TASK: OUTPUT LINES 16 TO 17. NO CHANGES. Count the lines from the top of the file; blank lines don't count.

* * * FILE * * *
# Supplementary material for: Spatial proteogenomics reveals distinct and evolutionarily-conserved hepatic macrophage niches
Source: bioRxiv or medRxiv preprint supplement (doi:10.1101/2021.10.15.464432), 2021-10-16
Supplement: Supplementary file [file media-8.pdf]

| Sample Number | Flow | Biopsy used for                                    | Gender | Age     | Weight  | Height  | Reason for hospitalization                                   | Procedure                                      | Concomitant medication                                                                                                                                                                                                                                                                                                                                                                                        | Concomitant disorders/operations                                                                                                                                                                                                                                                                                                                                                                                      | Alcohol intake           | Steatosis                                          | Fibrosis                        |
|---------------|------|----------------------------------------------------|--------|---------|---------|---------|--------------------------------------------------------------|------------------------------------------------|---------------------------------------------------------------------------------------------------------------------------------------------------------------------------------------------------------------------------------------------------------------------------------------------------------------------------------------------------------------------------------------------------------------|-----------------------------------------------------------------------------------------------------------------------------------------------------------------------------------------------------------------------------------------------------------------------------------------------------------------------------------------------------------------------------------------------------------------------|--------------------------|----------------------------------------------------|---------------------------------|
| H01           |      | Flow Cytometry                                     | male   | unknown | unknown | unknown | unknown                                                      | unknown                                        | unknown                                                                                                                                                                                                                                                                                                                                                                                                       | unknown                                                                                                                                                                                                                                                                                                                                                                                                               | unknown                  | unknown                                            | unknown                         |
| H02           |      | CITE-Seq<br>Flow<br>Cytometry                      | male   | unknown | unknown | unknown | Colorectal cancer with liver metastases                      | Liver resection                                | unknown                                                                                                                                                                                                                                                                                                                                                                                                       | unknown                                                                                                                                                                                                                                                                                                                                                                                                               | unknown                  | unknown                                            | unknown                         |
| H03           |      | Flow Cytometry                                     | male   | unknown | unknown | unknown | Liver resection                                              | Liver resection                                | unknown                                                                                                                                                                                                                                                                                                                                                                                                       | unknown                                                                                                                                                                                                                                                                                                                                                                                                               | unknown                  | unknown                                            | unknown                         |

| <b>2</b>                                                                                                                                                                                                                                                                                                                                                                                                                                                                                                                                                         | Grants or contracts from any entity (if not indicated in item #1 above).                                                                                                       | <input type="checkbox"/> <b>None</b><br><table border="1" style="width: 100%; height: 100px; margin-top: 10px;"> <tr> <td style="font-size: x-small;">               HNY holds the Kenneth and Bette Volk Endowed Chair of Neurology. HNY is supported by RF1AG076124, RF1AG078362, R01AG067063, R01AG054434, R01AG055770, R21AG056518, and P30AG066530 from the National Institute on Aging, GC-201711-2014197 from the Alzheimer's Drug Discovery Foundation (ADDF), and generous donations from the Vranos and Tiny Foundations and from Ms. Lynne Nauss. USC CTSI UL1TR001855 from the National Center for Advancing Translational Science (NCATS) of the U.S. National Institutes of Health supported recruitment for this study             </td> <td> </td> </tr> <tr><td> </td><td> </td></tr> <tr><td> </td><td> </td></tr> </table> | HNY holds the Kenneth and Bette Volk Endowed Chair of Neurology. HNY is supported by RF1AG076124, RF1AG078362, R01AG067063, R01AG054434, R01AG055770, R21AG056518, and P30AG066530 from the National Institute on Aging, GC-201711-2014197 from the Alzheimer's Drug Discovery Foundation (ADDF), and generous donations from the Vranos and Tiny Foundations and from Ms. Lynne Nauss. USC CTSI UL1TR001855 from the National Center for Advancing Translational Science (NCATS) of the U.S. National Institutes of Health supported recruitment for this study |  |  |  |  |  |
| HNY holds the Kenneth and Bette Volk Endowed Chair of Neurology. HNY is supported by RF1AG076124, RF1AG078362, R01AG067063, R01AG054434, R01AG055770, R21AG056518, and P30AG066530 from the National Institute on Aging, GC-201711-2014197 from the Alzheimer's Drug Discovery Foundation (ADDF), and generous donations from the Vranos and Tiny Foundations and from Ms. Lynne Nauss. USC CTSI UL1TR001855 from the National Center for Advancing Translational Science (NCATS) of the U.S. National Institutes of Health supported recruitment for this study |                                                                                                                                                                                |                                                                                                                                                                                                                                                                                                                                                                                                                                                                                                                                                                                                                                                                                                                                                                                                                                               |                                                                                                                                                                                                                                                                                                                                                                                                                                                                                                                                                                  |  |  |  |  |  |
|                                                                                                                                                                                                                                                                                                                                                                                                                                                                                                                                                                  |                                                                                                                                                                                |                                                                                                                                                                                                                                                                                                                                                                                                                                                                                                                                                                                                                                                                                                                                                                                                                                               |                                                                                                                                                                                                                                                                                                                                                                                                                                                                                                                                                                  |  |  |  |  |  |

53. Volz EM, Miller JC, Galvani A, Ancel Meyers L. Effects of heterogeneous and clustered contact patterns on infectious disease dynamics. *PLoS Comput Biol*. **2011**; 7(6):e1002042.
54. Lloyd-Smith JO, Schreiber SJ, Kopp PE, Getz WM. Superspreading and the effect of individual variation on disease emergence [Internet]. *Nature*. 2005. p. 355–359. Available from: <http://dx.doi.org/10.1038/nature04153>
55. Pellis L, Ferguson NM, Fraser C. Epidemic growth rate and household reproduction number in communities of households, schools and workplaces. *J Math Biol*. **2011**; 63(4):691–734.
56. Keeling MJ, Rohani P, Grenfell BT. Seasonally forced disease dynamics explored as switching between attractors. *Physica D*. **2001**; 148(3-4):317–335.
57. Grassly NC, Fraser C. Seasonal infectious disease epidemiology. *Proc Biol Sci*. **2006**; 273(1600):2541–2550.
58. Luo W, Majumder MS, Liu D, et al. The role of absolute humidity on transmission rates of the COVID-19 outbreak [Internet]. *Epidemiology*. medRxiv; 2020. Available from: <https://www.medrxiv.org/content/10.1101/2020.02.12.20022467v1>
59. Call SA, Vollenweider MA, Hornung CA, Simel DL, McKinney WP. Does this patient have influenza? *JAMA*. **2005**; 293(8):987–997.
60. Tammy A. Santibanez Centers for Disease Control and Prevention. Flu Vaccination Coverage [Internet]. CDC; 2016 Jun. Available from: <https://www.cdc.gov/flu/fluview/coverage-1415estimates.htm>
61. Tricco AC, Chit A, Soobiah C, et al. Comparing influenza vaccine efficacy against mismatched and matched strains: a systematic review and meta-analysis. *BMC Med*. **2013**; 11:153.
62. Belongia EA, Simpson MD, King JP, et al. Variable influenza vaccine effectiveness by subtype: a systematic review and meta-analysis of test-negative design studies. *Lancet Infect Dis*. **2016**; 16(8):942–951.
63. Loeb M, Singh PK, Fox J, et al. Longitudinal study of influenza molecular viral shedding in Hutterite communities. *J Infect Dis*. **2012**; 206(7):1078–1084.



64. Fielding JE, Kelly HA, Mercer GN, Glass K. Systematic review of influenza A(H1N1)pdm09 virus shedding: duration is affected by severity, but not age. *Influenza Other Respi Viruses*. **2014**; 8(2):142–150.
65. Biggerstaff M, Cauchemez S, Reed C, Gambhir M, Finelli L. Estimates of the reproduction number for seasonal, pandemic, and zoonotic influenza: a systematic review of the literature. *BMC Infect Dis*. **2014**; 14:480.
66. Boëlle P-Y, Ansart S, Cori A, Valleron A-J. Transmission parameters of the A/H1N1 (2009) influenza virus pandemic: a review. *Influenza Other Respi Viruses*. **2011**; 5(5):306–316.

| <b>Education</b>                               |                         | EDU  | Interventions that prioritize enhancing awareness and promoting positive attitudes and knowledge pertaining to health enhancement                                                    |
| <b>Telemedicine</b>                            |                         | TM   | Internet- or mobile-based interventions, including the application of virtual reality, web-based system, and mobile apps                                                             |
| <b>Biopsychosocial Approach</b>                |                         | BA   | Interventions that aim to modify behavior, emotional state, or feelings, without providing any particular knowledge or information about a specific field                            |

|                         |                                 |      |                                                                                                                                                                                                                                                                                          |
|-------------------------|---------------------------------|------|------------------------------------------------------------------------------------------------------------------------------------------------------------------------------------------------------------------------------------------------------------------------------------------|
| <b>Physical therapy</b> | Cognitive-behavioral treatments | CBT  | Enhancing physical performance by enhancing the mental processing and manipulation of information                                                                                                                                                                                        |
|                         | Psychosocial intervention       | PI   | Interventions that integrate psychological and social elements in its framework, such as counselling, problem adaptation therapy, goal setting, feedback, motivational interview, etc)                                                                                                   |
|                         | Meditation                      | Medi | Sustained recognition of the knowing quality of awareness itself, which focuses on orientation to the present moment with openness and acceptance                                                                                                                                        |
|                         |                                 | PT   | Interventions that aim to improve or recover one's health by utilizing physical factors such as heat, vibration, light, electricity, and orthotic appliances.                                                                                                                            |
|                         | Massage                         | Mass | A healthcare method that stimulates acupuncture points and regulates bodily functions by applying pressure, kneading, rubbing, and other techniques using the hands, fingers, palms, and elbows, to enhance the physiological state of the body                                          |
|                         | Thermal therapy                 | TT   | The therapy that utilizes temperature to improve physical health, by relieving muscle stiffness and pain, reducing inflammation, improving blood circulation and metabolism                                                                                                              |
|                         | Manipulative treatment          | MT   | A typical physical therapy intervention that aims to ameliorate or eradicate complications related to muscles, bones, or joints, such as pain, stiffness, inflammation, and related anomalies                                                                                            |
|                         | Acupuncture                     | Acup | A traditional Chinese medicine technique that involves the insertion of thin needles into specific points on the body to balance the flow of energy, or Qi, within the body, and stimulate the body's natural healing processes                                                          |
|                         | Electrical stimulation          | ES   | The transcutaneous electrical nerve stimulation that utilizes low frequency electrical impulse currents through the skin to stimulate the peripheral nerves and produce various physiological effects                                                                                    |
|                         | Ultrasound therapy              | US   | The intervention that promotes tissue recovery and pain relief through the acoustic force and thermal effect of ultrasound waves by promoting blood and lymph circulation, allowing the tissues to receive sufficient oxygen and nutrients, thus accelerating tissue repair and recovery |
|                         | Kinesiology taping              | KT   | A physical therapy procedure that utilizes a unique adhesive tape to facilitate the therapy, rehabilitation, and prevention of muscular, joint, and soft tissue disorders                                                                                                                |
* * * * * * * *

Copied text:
57. Grassly NC, Fraser C. Seasonal infectious disease epidemiology. *Proc Biol Sci*. **2006**; 273(1600):2541–2550.
58. Luo W, Majumder MS, Liu D, et al. The role of absolute humidity on transmission rates of the COVID-19 outbreak [Internet]. *Epidemiology*. medRxiv; 2020. Available from: <https://www.medrxiv.org/content/10.1101/2020.02.12.20022467v1>